Zhao L.,NCAR HAO | Zhao L.,University of Michigan | Gibson S.E.,NCAR HAO | Fisk L.A.,University of Michigan
AIP Conference Proceedings | Year: 2013

Proton flux, as defined by the product of proton number density and proton speed, while exhibiting remarkable constancy across heliographic latitudes from pole to equator as measured by the Ulysses spacecraft, nevertheless showed obvious departure from this constancy for some mid-latitude wind and extended to high heliomagnetic latitudes during the recent two solar minima. We examine the solar wind exclusive of ICMEs from Ulysses and ACE observations, to analyze the solar wind in-situ data exhibiting extremes in proton flux. We first find these extreme-proton-flux winds generally originate in latitudes middle-distant from the heliospheric current sheet (HCS), and they have relatively slower speed than the bulk of the solar wind. Then we map the in-situ ACE observations in Carrington rotation (CR) 1997 back to the solar surface by using the Potential-Field-Source-Surface (PFSS) model, in order to consider the coronal properties at the extreme-proton-flux wind sources. We find there is a clear association between these extreme-proton-flux solar wind and the mid-latitude coronal holes and «pseudostreamer» structures. © 2013 AIP Publishing LLC.

Zhao L.,University of Michigan | Landi E.,University of Michigan | Gibson S.E.,NCAR HAO
Astrophysical Journal | Year: 2013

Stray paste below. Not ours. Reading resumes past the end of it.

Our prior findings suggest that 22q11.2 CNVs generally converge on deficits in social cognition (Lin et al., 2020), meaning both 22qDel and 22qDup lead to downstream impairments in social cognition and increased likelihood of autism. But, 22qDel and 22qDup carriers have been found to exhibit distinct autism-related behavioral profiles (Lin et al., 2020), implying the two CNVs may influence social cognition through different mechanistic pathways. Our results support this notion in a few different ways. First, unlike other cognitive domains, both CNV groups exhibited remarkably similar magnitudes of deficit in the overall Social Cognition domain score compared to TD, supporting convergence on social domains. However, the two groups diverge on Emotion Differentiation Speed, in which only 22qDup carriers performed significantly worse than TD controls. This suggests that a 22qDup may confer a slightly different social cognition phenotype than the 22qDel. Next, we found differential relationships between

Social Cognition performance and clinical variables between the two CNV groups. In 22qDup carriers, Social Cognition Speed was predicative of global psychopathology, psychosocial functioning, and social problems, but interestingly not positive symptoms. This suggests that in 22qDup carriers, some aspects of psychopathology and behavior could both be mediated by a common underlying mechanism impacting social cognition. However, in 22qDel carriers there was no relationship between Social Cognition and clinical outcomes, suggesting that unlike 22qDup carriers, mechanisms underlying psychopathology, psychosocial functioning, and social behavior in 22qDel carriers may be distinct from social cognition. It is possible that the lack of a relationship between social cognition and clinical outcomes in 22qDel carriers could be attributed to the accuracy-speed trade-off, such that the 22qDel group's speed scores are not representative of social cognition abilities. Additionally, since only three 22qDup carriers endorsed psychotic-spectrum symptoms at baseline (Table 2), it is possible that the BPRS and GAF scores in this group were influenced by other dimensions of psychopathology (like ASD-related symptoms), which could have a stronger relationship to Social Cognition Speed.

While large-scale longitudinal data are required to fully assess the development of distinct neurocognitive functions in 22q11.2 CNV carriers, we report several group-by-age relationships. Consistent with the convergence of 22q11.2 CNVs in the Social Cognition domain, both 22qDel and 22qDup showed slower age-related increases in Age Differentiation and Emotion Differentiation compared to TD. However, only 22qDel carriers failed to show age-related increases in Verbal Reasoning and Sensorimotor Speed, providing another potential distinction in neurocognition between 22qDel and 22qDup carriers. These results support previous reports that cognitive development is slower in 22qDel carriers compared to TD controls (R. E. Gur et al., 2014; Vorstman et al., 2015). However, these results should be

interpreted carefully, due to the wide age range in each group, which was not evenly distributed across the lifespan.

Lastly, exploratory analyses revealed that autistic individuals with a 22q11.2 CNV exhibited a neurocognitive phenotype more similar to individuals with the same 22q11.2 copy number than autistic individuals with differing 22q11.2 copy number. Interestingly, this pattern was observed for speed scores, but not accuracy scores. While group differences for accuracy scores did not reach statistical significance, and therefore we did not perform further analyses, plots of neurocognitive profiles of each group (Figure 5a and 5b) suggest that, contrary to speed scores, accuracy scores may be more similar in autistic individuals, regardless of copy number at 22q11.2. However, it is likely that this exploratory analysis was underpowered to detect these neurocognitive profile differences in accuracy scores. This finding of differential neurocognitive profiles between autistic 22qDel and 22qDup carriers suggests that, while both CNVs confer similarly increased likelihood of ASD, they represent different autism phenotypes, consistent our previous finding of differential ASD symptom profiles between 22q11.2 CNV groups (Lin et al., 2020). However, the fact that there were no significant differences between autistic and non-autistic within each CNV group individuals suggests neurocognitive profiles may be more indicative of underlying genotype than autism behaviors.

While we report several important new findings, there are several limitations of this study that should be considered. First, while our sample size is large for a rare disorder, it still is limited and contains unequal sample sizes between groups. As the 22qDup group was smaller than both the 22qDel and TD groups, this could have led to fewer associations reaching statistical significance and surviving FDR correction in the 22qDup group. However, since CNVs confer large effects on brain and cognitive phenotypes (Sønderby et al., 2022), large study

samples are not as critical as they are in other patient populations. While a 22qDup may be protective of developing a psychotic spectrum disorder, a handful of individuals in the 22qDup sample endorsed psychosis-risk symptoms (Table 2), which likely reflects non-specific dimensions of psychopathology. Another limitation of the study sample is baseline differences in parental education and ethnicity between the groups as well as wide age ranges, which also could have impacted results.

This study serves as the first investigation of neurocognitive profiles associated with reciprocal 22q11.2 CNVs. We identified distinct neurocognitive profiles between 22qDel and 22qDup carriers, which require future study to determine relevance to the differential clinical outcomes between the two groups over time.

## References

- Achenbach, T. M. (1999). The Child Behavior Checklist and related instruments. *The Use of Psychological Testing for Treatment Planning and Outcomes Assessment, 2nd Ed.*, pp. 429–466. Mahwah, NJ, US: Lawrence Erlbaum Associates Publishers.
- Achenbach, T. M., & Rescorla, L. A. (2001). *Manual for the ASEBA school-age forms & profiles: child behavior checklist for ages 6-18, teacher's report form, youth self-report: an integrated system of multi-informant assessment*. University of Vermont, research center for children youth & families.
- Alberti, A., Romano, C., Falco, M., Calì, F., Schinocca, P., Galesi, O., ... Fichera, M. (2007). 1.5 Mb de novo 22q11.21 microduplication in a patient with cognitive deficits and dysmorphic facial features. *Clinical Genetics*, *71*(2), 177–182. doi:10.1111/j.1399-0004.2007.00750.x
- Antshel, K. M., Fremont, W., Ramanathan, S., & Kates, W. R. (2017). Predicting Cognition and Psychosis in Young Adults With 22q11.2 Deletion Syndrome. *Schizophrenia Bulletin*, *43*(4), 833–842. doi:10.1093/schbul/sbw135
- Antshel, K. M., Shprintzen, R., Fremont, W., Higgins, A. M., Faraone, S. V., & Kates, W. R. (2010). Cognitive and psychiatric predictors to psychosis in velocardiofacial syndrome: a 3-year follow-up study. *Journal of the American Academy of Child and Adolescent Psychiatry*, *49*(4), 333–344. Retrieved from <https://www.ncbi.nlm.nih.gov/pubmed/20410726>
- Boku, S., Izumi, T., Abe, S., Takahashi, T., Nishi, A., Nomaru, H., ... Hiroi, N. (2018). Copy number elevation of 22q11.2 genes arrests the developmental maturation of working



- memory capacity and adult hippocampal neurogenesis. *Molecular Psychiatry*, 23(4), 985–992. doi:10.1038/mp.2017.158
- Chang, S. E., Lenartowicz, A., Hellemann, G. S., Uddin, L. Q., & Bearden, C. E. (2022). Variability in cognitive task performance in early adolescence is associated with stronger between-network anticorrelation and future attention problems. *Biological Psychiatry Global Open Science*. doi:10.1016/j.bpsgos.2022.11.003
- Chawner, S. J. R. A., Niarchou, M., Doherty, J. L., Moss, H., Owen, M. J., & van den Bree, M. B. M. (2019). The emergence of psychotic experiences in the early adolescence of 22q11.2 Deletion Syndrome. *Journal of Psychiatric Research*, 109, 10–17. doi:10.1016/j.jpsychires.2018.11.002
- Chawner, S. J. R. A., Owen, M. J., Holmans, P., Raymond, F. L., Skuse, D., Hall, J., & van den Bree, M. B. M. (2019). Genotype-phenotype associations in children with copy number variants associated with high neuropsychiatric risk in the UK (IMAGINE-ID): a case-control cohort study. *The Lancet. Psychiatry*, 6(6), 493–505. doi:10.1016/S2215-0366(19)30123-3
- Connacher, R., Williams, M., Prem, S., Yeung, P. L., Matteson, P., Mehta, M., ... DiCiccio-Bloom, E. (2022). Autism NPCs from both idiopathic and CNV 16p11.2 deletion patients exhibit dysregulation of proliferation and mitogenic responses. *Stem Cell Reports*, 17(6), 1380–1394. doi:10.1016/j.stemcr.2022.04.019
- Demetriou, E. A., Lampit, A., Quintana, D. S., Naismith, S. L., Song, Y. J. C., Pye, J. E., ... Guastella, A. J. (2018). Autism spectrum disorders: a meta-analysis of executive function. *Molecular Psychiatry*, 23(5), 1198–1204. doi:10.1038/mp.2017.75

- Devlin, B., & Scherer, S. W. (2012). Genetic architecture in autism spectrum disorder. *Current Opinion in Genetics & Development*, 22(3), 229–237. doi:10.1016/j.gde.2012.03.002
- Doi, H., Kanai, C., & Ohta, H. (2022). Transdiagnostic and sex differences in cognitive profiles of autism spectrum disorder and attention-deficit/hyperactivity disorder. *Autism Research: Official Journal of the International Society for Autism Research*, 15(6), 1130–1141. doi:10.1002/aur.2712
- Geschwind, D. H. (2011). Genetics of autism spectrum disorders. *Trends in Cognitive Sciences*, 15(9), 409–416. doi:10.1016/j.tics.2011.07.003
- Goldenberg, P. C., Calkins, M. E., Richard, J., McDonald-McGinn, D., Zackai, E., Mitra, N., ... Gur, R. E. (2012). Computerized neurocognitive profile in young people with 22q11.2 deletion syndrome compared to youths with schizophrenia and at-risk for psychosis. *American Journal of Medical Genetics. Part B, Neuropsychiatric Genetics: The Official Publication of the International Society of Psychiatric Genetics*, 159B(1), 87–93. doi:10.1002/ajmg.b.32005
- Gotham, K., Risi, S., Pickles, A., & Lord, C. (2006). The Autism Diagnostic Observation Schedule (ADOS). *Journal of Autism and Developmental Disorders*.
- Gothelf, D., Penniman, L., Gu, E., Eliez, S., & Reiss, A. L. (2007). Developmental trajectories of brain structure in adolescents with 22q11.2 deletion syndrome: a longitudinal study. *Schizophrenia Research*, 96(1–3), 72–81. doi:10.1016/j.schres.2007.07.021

Since the unusually prolonged and weak solar minimum between solar cycles 23 and 24 (2008-2010), the sunspot number is smaller and the overall morphology of the Sun's magnetic field is more complicated (i.e., less of a dipole component and more of a tilted current sheet) compared with the same minimum and ascending phases of the previous cycle. Nearly 13 yr after the last solar maximum (∼2000), the monthly sunspot number is currently only at half the highest value of the past cycle's maximum, whereas the polar magnetic field of the Sun is reversing (north pole first). These circumstances make it timely to consider alternatives to the sunspot number for tracking the Sun's magnetic cycle and measuring its complexity. In this study, we introduce two novel parameters, the standard deviation (SD) of the latitude of the heliospheric current sheet (HCS) and the integrated slope (SL) of the HCS, to evaluate the complexity of the Sun's magnetic field and track the solar cycle. SD and SL are obtained from the magnetic synoptic maps calculated by a potential field source surface model. We find that SD and SL are sensitive to the complexity of the HCS: (1) they have low values when the HCS is flat at solar minimum, and high values when the HCS is highly tilted at solar maximum; (2) they respond to the topology of the HCS differently, as a higher SD value indicates that a larger part of the HCS extends to higher latitude, while a higher SL value implies that the HCS is wavier; (3) they are good indicators of magnetically anomalous cycles. Based on the comparison between SD and SL with the normalized sunspot number in the most recent four solar cycles, we find that in 2011 the solar magnetic field had attained a similar complexity as compared to the previous maxima. In addition, in the ascending phase of cycle 24, SD and SL in the northern hemisphere were on the average much greater than in the southern hemisphere, indicating a more tilted and wavier HCS in the north than the south, associated with the early reversal of the polar magnetic field in the north relative to the south. © 2013. The American Astronomical Society. All rights reserved.